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EU Commission presents plans to make health data available for R&D purposes

Out-Law News | 01 Jun 2022 | 1:45 pm | 3 min. read

The European Commission has presented a regulation to set up the European Health Data Space (EHDS). Health data is to be stored in the EHDS and made accessible for research and development of new medical products.

Under the EHDS, the health data of EU citizens, such as doctors' letters, medical reports and prescriptions, will be saved electronically. Citizens shall be able to access their personal data. At the same time, the Commission also wants the data to be available for research and development of new medicines, medical technology and treatment methods.

According to the Commission, there is not sufficient data available in the EU for development and research in the health sector. This is due to the fragmentation of standards and specifications for storing and sharing health data in the different member states, and it strongly hinders innovation in digital health, such as the development of new products and services for public health, the Commission said. To solve this, it has proposed a new regulation to grant access rights to health data under specific circumstances.

The Commission stressed the importance of the EHDS being in line with the data protection rules in the EU. It said that researchers, industry and public institutions will only have access to the health data collected in the EHDS for purposes that benefit individuals and society. Also, they will only be able to access data that does not reveal the identity of the data owner.

Under the legislative proposal, so-called "data users" can access and process health data for different permitted purposes set out in the legislation. Anyone who pursues activities for reasons of public interest - including industry - can be considered a "data user". The purposes of particular interest for the processing of health data in the healthcare sector are development and innovation activities for products or services contributing to public health and also the training, testing and evaluating of algorithms, including in medical devices, AI systems and digital health applications, contributing to the public health. "Either of these purposes will put health care providers in a position to better exploit the potential coming from health data that could help them develop new medicinal products or new devices involving AI," said Daniel Widmann, expert on digitisation projects and data protection law at Pinsent Masons.

According to the proposed legislation, data users would only be able to access and process health data if they obtain a data permit from the national health data access bodies - which would have to be established by the member states. The data permit sets out how the data may be used and for what purpose. In order to get access to the data for the permitted purposes, a data applicant would have to submit a data access application, which must meet certain requirements. Among other things, a detailed explanation of the intended use of the electronic health data, a description of the requested electronic health data and a description of the safeguards planned to prevent any other use of the electronic health data must be provided.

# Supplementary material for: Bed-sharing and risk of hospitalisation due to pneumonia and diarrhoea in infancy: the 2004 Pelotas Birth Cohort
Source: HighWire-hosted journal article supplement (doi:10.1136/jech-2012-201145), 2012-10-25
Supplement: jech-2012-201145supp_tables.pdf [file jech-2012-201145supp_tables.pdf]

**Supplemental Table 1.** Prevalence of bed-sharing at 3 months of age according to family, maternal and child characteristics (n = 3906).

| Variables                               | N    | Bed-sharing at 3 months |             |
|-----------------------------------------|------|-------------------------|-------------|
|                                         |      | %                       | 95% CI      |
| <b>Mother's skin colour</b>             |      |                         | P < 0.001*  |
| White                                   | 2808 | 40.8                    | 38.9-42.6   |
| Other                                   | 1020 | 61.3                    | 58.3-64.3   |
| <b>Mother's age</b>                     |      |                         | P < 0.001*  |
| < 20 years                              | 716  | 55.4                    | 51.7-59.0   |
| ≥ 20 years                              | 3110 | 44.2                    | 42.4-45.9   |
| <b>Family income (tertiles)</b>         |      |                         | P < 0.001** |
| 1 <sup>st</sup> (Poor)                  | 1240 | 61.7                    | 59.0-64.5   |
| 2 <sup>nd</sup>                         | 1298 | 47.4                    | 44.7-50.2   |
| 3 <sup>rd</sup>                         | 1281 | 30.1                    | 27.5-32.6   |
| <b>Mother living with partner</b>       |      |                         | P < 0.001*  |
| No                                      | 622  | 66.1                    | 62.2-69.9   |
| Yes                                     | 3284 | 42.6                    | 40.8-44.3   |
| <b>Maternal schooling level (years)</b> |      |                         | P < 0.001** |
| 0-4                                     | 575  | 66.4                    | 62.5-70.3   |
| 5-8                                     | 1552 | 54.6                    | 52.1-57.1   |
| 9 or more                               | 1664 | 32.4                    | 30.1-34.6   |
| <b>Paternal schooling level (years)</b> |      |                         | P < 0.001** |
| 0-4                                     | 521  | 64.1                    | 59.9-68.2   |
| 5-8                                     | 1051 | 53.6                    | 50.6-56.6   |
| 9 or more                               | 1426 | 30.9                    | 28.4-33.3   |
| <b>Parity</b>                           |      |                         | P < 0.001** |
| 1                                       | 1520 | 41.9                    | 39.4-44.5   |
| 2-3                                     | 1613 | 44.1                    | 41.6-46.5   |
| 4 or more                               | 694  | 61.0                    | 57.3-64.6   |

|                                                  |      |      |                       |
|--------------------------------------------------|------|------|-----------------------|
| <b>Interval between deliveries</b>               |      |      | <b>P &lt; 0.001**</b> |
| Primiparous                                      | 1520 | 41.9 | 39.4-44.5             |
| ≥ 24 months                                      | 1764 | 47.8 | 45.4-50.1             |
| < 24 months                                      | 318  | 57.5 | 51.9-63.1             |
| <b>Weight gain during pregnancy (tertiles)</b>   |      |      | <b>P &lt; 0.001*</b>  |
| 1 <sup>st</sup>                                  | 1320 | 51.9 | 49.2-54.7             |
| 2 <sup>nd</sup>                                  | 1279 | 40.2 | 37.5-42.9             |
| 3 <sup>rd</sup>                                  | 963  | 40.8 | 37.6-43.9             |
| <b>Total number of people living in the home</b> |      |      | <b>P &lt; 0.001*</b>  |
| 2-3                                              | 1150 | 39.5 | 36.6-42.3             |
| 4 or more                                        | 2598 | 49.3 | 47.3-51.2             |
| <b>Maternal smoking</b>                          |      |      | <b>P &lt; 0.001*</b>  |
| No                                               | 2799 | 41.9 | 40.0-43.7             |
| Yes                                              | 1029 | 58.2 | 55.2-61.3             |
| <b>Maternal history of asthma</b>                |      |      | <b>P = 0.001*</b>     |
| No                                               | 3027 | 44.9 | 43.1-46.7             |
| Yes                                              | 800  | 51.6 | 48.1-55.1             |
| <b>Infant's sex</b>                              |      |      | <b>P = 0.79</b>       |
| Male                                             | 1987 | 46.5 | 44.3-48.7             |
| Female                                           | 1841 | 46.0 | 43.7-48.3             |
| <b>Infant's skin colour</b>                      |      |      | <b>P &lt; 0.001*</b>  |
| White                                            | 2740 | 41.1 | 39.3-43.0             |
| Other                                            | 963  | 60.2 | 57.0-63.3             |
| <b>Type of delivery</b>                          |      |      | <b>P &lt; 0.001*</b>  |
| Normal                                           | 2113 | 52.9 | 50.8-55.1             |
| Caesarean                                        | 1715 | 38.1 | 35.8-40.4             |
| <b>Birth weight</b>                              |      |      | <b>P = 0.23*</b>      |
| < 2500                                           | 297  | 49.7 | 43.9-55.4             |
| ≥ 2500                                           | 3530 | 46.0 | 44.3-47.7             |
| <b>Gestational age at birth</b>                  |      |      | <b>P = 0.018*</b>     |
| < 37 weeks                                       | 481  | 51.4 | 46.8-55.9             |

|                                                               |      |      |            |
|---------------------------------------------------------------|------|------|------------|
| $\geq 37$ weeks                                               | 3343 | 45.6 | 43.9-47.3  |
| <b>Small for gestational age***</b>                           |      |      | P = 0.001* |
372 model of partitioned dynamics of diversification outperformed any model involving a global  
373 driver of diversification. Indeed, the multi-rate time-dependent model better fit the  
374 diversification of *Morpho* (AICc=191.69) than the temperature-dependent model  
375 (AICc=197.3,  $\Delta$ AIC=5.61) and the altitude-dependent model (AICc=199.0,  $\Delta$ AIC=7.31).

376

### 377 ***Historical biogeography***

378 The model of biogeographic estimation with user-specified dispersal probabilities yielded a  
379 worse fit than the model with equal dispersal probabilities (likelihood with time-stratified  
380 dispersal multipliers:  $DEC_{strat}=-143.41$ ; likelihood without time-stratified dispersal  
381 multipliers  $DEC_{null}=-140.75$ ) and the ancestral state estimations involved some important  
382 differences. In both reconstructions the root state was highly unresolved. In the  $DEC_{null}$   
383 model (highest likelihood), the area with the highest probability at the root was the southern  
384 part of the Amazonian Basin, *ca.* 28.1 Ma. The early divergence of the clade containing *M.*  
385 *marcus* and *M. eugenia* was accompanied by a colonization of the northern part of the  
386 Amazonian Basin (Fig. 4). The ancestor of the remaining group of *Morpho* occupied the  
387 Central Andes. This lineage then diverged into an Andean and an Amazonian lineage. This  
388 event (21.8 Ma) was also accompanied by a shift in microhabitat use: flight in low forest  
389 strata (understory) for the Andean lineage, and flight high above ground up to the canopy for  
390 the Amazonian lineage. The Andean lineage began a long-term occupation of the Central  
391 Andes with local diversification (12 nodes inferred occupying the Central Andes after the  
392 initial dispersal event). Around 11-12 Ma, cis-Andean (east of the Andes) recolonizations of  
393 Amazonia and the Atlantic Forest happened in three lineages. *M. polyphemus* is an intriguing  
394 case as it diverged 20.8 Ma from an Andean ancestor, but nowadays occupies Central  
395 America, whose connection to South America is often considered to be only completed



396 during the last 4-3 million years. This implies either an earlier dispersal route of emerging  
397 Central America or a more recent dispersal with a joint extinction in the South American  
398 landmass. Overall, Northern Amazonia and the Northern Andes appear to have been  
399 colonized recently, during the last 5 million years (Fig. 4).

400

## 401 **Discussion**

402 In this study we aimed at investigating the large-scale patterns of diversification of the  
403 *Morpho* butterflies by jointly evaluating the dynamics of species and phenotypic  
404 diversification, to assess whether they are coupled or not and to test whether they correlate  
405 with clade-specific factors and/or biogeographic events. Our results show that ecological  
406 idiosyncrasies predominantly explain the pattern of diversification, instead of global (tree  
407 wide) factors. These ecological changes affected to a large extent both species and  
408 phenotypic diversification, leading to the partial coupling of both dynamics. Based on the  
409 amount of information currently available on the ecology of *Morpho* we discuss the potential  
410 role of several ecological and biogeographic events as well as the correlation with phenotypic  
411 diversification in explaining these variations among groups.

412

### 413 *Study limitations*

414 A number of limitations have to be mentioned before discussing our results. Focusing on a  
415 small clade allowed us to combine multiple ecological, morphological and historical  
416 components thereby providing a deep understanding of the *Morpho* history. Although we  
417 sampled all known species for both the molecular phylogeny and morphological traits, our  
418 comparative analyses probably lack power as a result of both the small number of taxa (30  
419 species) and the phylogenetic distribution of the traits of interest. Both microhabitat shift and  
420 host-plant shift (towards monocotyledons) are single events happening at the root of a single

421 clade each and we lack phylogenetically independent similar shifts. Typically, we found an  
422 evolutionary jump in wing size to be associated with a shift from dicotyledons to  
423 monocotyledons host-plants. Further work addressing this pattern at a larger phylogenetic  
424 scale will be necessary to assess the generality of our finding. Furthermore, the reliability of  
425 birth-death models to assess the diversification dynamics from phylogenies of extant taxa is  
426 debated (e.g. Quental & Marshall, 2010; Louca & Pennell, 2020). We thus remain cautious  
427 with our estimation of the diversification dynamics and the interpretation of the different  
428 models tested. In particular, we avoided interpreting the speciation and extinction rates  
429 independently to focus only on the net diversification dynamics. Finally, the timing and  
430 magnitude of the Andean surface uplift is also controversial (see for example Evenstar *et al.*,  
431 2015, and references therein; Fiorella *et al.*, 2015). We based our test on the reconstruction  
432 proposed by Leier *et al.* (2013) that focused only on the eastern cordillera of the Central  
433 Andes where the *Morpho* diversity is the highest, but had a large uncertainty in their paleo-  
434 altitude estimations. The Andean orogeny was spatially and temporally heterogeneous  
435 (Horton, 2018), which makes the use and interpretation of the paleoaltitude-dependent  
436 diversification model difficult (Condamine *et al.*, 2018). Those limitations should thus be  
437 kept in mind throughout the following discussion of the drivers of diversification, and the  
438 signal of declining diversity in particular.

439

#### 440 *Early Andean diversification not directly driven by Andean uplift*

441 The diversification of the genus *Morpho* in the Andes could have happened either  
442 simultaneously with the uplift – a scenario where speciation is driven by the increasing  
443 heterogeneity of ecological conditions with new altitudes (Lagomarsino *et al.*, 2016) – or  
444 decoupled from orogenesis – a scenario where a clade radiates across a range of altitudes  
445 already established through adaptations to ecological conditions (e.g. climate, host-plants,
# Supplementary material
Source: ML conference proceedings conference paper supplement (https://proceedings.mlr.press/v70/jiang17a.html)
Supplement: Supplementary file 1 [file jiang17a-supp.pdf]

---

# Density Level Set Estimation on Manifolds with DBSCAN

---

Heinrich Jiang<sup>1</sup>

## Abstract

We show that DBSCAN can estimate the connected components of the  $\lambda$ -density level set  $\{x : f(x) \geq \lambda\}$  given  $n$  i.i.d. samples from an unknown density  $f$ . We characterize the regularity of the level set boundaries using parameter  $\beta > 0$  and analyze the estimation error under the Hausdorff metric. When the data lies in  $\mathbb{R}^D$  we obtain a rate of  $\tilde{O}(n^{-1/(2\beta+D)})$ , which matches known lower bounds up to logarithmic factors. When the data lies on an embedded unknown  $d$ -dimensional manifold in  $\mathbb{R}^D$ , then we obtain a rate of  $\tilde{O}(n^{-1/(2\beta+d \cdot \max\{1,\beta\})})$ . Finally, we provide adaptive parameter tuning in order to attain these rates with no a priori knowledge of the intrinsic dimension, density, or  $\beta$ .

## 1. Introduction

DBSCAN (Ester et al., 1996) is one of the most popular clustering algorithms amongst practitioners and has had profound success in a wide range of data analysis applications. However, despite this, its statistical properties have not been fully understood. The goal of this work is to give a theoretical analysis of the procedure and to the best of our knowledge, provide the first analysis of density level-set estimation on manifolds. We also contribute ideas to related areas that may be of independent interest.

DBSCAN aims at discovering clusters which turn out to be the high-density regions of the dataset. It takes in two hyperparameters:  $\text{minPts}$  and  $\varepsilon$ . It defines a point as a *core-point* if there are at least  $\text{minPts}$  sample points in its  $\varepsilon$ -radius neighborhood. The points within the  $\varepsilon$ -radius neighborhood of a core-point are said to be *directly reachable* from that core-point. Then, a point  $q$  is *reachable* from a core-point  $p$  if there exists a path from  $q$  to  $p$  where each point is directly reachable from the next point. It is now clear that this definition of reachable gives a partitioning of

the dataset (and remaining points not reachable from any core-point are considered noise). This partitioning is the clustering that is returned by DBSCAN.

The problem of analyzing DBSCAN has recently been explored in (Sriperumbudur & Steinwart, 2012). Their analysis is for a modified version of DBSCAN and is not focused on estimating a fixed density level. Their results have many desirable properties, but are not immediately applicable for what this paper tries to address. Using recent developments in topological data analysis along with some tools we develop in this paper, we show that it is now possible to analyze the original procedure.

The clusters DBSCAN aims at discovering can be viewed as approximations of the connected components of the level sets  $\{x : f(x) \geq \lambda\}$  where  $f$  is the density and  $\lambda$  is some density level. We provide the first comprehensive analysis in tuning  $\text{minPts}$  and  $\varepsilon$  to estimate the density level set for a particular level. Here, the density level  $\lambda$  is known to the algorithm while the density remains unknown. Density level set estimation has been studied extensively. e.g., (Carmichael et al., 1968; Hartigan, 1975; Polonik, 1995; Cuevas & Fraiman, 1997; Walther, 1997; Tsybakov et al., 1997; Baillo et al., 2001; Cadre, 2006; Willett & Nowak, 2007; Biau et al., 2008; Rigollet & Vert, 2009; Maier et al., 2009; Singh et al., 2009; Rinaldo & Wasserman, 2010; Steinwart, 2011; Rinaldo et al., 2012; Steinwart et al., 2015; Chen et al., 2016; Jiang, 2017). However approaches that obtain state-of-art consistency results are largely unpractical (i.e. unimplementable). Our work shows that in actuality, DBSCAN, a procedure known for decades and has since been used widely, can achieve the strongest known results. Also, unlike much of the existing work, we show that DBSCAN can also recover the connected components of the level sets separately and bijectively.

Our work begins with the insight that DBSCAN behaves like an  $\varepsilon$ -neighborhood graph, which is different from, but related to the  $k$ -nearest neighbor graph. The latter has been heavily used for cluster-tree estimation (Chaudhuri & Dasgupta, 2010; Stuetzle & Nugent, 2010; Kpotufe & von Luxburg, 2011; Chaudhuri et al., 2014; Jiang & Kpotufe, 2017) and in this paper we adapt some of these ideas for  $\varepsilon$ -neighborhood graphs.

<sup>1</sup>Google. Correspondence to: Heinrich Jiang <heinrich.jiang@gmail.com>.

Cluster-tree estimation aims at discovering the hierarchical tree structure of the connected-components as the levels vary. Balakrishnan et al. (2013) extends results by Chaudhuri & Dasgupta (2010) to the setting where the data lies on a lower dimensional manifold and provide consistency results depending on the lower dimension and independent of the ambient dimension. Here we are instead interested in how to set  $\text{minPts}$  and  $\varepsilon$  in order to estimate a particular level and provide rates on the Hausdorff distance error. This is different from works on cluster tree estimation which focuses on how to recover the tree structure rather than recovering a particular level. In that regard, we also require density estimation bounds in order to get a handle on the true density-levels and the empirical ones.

"It is a positive sign that the Commission has identified that increased access to health data is necessary to promote innovation in digital health in the EU," Widmann said. "However, it has to be seen whether the planned national health data access bodies can actually promote access to health data or will become a bottleneck. An alternative approach to creating government bodies regulating access to health data would have been to pick up the GDPR’s risk-based approach and rely on self-certification by the data users."

Widmann said such self-certification would have to consider the sensitivity of health data and require specific requirements, in particular regarding the security of the processing. "This approach may have the added benefit of less bureaucracy and may lead to an increased availability of health data," he said.

According to the Commission, the EHDS complements the GDPR and other EU legislation on data governance and information security by providing tailor-made rules for the health sector. Lidia Vidal, expert for information technology and data law at Pinsent Masons, said: "The legislative proposal aligns with the GDPR’s ‘data protection by design’ principle, setting out that the use of anonymised electronic health data should be available when possible and if the data user requests it, unless the purpose of the data user’s processing cannot be achieved with anonymised data. In this case the data shall be provided in a pseudonymised format." She also said it is not recommended for data users to attempt to re-identify individuals from the dataset provided, since they could be penalised for it.

Vidal emphasised that the processing of health data can only take place in secure processing environments, with the appropriate technical and organisational measures and security and interoperability requirements in place and in accordance with article 50 of the proposed EHDS-legislation. "Organisations obtaining access to EHDS data would have to make sure that only individuals authorised by the data permit can access the data. These individuals would have to comply with very high privacy and cyber-security standards," Vidal said.